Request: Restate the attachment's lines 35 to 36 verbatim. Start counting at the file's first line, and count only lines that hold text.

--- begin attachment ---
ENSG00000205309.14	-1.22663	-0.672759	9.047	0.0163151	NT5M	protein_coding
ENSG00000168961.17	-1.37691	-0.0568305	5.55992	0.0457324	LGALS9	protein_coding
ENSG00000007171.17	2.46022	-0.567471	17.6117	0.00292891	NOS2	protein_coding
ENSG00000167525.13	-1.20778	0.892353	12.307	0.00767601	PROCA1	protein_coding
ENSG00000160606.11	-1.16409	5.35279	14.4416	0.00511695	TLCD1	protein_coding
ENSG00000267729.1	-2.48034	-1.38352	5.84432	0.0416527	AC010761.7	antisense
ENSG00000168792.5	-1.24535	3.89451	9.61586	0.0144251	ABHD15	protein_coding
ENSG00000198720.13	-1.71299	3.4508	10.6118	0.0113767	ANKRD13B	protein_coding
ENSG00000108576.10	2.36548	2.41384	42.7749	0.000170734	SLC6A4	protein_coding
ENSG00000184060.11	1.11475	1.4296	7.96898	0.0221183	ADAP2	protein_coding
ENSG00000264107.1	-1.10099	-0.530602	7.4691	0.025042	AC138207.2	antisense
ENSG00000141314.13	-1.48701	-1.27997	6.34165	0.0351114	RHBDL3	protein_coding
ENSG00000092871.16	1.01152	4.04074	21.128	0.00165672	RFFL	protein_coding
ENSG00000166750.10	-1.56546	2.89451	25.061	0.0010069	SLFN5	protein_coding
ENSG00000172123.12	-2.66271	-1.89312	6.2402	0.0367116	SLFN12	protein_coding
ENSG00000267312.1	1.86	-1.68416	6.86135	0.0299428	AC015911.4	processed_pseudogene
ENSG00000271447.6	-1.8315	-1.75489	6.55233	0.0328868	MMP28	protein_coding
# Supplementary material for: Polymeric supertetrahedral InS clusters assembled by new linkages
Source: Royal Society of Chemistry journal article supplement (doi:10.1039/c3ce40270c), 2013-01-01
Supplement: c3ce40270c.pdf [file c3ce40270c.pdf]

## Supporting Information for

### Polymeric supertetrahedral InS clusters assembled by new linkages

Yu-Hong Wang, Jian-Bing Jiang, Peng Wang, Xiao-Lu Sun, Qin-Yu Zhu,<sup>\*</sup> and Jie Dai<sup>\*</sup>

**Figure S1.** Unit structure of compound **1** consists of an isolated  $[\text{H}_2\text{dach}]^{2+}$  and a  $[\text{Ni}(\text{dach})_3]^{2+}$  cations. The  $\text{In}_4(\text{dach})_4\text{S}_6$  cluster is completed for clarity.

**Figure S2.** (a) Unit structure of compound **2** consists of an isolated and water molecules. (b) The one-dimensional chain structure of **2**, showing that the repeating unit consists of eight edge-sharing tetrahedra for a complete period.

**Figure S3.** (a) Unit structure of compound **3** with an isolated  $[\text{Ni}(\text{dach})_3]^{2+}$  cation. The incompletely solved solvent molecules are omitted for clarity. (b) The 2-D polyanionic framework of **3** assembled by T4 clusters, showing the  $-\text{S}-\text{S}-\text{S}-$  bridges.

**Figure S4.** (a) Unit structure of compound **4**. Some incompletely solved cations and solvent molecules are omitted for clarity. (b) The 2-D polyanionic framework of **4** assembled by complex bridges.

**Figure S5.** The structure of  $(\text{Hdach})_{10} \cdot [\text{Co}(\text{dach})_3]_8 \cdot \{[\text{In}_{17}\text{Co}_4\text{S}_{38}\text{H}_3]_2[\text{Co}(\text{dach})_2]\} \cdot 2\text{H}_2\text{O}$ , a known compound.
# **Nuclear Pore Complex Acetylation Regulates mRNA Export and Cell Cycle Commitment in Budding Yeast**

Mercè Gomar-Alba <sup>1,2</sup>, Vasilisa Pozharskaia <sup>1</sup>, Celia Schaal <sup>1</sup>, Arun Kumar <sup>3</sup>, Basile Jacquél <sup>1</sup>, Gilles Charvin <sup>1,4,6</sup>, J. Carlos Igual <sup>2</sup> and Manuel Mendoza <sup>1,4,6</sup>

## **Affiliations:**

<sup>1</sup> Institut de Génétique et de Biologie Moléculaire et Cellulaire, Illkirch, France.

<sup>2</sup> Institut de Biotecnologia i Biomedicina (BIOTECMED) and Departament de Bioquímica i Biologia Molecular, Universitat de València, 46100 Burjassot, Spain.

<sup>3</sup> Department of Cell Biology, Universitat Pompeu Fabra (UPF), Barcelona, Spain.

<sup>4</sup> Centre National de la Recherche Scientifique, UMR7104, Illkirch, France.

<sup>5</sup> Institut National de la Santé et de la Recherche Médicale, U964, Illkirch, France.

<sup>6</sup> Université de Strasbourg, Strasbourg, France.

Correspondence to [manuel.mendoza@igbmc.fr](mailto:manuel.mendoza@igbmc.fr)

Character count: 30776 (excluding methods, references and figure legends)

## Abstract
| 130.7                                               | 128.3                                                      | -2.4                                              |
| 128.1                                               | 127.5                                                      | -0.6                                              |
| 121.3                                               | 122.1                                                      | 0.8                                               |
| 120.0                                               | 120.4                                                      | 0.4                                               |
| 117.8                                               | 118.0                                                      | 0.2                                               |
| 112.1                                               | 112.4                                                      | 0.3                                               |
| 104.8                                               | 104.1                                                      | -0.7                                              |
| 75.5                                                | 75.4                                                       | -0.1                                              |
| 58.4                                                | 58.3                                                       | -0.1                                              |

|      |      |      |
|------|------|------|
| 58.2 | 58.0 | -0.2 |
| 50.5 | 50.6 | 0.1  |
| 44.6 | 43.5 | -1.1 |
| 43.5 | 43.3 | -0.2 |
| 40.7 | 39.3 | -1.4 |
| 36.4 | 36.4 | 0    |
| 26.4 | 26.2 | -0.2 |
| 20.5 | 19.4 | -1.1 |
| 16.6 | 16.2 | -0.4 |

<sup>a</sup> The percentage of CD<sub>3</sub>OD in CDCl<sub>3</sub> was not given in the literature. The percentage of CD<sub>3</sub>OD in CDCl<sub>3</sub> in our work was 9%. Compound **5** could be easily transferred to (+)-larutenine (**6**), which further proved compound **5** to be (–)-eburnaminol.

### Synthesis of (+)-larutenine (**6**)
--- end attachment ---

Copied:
<sup>4</sup> Centre National de la Recherche Scientifique, UMR7104, Illkirch, France.

<sup>5</sup> Institut National de la Santé et de la Recherche Médicale, U964, Illkirch, France.